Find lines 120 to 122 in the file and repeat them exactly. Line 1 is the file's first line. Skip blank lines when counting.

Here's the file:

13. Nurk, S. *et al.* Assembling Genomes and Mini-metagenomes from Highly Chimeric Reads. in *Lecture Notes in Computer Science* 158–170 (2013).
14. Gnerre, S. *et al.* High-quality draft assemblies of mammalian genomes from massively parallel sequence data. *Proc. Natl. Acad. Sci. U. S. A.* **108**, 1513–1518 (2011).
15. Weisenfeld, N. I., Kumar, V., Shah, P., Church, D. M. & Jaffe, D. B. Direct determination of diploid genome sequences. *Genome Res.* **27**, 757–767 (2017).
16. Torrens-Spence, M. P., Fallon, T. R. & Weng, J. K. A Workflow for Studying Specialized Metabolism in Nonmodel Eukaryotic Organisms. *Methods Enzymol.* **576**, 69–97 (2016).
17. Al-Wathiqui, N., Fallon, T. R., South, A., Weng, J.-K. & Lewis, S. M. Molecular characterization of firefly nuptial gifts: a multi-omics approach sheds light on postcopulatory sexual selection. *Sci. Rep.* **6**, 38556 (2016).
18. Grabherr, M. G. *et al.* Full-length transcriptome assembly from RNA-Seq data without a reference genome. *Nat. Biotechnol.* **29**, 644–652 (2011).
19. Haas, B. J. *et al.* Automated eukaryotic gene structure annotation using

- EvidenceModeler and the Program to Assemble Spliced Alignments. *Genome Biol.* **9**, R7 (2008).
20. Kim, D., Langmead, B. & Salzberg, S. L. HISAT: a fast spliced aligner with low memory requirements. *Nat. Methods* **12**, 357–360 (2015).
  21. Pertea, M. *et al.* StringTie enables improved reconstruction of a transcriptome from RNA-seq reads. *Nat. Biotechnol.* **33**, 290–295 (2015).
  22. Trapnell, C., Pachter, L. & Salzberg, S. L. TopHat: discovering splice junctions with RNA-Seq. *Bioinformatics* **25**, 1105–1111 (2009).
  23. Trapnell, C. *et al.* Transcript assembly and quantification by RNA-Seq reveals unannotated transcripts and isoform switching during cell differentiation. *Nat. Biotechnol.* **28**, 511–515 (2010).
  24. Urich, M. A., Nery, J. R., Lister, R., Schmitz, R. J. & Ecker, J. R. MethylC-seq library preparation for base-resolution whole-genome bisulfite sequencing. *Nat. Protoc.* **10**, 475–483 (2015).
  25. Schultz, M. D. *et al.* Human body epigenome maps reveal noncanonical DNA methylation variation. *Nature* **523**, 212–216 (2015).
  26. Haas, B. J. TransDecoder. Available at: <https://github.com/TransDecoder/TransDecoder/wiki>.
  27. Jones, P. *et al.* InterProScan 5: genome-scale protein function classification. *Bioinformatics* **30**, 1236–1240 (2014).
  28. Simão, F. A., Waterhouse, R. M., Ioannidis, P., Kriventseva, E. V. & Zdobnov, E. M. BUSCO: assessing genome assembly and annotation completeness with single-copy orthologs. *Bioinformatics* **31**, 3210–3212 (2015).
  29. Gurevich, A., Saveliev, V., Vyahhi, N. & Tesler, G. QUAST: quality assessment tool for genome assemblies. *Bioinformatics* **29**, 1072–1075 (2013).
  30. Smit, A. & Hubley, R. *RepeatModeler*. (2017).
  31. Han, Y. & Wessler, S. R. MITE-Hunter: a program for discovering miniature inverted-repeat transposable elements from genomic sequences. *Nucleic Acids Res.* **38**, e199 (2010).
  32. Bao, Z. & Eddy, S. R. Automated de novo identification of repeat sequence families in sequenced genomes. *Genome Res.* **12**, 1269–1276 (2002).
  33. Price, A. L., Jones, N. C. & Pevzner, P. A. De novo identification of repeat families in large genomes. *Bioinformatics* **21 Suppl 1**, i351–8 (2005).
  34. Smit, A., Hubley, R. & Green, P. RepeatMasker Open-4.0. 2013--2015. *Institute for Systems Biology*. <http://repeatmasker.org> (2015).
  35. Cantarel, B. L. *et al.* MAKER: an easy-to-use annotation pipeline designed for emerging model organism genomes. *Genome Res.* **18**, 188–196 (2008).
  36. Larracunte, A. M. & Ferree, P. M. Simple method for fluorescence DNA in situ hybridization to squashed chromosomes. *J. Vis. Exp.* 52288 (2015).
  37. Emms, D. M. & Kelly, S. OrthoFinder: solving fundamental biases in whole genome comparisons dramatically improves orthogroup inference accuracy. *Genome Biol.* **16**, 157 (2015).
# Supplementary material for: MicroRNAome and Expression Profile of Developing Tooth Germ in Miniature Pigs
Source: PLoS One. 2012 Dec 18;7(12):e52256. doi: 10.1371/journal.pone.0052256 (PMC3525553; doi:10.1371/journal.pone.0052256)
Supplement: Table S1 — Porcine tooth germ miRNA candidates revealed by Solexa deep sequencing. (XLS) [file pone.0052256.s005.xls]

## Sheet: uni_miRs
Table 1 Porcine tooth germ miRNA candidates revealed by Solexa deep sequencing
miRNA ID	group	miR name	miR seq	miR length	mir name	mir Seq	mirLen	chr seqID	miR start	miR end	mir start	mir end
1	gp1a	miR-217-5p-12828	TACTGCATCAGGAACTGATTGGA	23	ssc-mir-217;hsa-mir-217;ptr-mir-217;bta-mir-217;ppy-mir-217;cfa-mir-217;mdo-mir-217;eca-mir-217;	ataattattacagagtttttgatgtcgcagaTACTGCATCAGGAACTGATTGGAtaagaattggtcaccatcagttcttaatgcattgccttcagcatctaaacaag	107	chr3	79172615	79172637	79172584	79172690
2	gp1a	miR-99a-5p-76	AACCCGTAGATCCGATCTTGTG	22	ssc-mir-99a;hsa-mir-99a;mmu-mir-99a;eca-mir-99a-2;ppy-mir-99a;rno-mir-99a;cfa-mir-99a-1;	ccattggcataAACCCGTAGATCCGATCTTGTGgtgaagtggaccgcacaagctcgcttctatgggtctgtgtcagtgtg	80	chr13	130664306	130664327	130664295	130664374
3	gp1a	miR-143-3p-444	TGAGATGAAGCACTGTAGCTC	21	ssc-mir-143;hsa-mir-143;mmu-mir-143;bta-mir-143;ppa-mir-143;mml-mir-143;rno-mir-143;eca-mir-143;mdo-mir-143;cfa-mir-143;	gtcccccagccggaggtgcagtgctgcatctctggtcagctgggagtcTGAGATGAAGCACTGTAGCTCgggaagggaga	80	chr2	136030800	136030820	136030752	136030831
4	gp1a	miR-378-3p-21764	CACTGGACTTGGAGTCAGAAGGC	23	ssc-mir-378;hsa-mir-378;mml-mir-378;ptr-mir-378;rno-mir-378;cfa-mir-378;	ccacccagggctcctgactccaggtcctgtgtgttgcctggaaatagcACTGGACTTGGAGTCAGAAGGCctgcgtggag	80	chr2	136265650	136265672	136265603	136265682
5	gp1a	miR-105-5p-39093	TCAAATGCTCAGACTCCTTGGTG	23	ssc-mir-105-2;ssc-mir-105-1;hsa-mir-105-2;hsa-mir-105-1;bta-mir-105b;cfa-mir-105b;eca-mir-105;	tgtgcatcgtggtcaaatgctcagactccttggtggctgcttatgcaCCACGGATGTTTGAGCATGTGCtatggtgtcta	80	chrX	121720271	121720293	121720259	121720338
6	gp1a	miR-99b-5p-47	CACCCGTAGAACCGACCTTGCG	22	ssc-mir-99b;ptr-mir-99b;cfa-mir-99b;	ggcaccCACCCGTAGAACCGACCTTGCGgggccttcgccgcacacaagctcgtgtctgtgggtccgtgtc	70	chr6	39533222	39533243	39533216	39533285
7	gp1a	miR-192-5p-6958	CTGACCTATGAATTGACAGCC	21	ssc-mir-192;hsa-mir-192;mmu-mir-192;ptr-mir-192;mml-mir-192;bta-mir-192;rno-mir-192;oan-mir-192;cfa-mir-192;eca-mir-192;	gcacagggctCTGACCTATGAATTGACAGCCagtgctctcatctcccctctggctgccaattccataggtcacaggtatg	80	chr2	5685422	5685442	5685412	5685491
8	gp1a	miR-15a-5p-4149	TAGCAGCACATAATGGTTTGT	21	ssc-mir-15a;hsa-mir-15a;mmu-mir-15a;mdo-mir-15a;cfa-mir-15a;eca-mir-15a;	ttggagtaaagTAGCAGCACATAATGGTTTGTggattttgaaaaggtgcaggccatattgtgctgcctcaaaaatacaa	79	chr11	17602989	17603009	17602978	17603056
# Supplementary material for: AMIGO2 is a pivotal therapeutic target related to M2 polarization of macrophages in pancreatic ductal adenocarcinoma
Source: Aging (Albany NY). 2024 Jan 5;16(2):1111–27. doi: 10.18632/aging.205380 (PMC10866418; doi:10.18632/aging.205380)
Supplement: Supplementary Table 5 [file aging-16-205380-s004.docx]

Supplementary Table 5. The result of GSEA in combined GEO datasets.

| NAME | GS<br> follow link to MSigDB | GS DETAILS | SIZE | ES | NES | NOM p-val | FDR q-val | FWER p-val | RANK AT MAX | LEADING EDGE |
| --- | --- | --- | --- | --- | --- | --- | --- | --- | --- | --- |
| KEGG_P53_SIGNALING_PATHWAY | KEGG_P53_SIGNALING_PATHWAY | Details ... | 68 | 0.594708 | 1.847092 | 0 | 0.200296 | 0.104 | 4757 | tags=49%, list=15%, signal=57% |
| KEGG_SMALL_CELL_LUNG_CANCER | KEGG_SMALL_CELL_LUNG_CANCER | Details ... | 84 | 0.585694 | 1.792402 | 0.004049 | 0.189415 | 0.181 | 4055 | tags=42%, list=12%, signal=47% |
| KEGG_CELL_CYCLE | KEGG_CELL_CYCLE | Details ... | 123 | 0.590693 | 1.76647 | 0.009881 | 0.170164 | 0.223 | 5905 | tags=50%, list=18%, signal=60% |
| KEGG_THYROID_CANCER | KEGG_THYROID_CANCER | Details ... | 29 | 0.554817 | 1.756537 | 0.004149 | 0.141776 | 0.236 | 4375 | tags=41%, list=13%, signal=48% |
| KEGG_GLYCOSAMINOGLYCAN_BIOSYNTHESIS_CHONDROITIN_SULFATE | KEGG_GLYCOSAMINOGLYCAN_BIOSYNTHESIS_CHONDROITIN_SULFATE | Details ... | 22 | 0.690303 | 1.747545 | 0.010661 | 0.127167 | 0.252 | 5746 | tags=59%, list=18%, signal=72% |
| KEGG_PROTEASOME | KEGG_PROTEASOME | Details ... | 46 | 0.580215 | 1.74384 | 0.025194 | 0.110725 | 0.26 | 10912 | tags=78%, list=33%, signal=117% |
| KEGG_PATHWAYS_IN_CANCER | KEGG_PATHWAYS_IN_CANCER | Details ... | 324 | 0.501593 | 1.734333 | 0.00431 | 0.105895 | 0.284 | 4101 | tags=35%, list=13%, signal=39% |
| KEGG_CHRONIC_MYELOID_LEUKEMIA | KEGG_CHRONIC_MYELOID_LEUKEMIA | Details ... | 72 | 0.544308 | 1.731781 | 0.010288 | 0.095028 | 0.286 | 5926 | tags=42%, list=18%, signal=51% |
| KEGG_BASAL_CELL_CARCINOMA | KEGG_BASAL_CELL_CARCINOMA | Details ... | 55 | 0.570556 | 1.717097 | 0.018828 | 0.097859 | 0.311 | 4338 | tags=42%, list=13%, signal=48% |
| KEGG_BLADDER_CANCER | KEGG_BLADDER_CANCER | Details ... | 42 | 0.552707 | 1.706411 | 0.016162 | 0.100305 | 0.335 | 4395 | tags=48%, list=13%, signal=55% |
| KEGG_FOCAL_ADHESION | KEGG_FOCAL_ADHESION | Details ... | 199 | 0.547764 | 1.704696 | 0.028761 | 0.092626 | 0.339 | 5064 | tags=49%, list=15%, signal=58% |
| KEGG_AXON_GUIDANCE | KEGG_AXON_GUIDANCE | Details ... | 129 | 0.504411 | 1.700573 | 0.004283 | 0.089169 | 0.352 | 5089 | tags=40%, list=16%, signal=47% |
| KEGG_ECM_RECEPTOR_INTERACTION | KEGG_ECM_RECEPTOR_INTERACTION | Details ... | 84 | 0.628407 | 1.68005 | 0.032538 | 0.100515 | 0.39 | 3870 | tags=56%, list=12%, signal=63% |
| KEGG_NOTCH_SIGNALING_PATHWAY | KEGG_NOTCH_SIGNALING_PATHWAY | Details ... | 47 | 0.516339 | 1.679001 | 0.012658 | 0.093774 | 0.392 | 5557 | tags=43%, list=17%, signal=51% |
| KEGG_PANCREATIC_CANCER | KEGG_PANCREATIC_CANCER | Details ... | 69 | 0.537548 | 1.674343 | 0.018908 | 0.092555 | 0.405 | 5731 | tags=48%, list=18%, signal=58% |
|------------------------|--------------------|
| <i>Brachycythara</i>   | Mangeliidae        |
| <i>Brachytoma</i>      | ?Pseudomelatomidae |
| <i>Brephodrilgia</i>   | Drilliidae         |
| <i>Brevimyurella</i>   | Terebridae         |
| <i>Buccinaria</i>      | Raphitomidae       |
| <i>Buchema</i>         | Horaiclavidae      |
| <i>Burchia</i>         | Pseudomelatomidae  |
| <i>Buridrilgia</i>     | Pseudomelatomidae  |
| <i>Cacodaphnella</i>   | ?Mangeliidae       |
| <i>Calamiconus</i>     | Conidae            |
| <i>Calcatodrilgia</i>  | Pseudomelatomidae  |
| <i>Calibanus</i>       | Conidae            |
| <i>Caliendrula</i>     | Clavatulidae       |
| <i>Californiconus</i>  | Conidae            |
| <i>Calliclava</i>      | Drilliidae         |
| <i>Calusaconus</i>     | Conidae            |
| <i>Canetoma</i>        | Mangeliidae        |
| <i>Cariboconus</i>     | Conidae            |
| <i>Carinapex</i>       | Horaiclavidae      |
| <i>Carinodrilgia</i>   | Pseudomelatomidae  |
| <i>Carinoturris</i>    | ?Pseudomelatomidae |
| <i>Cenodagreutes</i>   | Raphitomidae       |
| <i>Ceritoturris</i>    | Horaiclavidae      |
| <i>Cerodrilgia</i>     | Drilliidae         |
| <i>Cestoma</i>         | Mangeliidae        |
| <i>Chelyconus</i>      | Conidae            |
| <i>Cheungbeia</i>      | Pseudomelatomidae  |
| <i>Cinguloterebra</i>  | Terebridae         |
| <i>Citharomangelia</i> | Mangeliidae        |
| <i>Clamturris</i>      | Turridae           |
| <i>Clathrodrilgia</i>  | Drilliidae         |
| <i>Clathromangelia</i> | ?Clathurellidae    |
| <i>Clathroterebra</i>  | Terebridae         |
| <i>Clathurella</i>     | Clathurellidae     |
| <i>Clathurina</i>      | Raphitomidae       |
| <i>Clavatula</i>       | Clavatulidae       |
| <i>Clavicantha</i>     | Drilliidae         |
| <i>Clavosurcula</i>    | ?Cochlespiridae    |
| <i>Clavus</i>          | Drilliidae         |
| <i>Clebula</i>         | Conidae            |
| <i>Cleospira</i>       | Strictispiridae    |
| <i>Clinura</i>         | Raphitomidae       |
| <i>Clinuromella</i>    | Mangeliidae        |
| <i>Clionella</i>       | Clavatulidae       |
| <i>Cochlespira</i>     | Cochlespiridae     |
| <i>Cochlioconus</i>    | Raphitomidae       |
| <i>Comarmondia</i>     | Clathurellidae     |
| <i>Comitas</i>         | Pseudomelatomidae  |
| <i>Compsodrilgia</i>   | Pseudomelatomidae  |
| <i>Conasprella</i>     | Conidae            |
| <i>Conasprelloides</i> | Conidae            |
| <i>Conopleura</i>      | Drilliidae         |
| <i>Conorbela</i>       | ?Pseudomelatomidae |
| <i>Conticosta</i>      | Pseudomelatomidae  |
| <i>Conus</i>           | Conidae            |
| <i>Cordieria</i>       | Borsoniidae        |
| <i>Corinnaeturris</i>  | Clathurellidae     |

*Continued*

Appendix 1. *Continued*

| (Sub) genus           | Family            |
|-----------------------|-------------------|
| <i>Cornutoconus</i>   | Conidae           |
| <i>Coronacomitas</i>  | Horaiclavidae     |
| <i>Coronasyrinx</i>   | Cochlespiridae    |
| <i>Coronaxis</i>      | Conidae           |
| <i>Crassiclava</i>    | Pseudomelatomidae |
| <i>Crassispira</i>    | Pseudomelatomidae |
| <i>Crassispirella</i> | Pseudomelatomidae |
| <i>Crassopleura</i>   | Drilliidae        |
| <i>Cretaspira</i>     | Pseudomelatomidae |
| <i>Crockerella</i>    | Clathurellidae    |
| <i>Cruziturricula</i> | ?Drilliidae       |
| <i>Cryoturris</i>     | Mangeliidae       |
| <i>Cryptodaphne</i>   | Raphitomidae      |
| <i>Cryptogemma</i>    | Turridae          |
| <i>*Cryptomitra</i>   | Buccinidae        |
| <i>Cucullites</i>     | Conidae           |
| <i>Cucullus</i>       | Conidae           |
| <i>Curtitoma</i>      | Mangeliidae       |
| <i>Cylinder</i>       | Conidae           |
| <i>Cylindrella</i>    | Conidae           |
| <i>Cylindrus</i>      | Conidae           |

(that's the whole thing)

*Continued*

Appendix 1. *Continued*

| (Sub) genus           | Family            |